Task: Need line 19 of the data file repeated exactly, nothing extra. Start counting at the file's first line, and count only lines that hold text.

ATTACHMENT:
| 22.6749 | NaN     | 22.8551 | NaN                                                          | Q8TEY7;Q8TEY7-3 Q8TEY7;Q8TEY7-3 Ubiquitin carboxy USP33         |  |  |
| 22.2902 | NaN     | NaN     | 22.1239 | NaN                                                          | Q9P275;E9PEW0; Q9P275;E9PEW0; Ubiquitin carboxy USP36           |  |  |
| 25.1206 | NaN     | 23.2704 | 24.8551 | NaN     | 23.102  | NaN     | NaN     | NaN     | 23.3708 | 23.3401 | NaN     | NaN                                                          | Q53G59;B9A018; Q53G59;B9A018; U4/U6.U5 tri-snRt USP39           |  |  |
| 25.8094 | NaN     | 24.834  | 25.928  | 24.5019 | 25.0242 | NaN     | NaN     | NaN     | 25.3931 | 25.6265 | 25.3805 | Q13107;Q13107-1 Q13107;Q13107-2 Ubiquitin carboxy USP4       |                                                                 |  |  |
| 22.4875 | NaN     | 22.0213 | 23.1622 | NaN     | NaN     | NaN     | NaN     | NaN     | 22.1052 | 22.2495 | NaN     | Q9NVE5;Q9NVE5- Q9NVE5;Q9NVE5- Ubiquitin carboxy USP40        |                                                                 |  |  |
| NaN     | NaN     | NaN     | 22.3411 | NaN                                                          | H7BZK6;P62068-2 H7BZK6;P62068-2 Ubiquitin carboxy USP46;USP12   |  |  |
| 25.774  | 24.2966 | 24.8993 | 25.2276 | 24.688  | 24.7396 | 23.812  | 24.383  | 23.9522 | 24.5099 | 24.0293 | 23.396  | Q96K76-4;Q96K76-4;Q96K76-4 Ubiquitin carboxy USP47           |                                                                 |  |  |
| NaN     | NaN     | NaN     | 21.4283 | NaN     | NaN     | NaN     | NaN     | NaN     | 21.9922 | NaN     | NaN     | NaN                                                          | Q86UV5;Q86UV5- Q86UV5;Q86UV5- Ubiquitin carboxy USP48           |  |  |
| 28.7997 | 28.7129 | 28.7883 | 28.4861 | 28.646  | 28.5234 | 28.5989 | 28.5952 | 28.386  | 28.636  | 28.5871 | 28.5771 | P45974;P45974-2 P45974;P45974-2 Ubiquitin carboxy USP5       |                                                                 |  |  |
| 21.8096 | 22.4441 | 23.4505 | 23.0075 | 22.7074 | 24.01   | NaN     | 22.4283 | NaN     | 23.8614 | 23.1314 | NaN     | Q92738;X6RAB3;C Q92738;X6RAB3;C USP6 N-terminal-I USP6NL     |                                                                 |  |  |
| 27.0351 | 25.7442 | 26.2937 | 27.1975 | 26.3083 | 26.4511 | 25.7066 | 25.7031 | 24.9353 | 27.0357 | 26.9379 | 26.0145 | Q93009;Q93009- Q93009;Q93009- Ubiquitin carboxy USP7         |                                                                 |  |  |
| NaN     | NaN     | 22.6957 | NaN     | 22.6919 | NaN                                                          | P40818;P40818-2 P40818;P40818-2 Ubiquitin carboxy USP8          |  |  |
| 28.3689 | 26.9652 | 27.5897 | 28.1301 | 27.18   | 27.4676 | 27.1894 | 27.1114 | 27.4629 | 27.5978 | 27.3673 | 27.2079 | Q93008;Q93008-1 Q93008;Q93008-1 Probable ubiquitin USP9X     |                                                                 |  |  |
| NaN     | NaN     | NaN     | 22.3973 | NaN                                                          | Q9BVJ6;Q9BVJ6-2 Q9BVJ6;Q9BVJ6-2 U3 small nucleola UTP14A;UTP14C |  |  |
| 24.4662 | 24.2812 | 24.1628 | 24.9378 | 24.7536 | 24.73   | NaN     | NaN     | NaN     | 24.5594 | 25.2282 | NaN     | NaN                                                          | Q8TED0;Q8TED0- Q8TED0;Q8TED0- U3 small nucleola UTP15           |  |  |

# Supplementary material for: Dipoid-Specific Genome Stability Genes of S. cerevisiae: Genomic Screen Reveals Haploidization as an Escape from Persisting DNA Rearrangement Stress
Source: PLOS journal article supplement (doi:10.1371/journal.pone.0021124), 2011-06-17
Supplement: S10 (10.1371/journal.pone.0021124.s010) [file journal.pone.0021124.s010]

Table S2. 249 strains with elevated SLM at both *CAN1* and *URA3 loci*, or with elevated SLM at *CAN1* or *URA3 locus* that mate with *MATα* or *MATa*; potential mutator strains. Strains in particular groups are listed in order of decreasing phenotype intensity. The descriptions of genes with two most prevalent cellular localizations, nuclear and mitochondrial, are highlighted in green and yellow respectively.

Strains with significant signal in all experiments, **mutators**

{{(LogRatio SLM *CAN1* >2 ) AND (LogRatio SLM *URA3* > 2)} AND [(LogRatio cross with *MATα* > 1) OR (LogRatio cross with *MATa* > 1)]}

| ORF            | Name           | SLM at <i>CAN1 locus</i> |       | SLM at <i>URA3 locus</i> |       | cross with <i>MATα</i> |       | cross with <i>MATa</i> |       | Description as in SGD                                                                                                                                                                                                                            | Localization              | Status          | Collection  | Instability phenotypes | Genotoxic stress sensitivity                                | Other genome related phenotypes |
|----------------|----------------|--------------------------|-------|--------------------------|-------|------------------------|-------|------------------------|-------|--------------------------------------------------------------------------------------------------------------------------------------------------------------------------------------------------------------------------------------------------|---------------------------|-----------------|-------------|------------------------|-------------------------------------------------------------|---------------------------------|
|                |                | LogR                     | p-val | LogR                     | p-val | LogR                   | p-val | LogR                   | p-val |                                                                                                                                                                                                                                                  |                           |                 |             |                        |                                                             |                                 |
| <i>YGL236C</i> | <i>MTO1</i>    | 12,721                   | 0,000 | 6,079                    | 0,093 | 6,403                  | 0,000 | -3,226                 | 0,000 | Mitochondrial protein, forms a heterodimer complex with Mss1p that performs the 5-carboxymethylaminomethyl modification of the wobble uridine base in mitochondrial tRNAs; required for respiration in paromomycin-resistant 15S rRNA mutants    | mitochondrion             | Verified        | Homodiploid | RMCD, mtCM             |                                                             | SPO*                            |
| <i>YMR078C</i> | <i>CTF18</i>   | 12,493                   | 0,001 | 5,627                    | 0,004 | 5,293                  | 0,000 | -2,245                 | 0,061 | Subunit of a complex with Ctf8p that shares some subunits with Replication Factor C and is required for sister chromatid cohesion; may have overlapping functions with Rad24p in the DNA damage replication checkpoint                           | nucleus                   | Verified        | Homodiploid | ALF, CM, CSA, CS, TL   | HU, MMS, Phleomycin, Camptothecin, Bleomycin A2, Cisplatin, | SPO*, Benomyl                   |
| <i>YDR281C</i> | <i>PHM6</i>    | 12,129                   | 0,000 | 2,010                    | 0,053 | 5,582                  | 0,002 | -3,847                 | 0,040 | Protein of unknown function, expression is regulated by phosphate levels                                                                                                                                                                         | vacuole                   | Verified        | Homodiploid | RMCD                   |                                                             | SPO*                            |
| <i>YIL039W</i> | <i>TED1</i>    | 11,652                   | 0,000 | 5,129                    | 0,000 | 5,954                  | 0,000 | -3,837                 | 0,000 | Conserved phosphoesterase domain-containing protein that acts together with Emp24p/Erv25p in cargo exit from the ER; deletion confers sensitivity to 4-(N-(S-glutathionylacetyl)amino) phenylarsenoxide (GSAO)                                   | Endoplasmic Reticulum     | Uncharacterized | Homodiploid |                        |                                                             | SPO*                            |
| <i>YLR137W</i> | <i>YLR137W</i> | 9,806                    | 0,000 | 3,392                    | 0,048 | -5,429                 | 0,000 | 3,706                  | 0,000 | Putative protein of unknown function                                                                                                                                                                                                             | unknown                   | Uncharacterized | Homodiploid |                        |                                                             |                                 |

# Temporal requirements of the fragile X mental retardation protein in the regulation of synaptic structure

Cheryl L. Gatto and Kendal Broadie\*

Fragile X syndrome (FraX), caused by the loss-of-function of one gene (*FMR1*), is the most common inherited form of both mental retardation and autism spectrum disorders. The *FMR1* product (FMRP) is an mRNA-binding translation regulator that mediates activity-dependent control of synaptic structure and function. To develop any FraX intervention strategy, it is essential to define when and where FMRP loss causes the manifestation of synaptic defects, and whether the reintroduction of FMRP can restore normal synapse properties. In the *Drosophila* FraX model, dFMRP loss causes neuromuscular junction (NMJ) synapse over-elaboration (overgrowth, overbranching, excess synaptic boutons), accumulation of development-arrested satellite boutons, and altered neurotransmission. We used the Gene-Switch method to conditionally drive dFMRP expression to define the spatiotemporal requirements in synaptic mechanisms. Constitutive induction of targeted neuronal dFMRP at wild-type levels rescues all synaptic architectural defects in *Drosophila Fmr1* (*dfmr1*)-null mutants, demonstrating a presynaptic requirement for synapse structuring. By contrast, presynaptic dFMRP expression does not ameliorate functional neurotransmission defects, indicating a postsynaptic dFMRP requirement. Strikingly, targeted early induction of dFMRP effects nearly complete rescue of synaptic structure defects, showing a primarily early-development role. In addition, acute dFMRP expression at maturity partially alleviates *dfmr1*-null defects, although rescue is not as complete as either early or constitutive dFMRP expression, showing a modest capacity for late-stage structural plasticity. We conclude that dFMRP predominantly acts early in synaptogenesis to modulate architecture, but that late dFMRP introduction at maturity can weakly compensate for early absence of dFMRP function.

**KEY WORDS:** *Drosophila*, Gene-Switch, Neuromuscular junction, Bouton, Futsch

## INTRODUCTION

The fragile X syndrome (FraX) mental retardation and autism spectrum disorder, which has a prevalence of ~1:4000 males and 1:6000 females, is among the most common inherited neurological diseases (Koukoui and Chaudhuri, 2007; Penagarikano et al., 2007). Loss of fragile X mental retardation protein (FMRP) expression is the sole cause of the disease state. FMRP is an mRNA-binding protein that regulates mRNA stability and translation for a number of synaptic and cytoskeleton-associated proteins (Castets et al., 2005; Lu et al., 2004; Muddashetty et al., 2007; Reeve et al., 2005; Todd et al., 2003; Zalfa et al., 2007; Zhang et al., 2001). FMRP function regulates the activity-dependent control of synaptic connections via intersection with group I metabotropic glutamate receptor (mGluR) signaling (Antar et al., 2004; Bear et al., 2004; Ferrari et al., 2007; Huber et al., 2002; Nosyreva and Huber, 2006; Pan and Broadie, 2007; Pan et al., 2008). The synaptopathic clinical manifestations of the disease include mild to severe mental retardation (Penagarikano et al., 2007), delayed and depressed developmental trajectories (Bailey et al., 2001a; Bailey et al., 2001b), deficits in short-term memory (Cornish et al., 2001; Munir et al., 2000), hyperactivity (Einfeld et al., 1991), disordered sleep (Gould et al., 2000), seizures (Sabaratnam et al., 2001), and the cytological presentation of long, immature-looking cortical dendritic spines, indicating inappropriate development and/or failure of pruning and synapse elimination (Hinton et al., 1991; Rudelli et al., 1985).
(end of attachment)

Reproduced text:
Table S2. 249 strains with elevated SLM at both *CAN1* and *URA3 loci*, or with elevated SLM at *CAN1* or *URA3 locus* that mate with *MATα* or *MATa*; potential mutator strains. Strains in particular groups are listed in order of decreasing phenotype intensity. The descriptions of genes with two most prevalent cellular localizations, nuclear and mitochondrial, are highlighted in green and yellow respectively.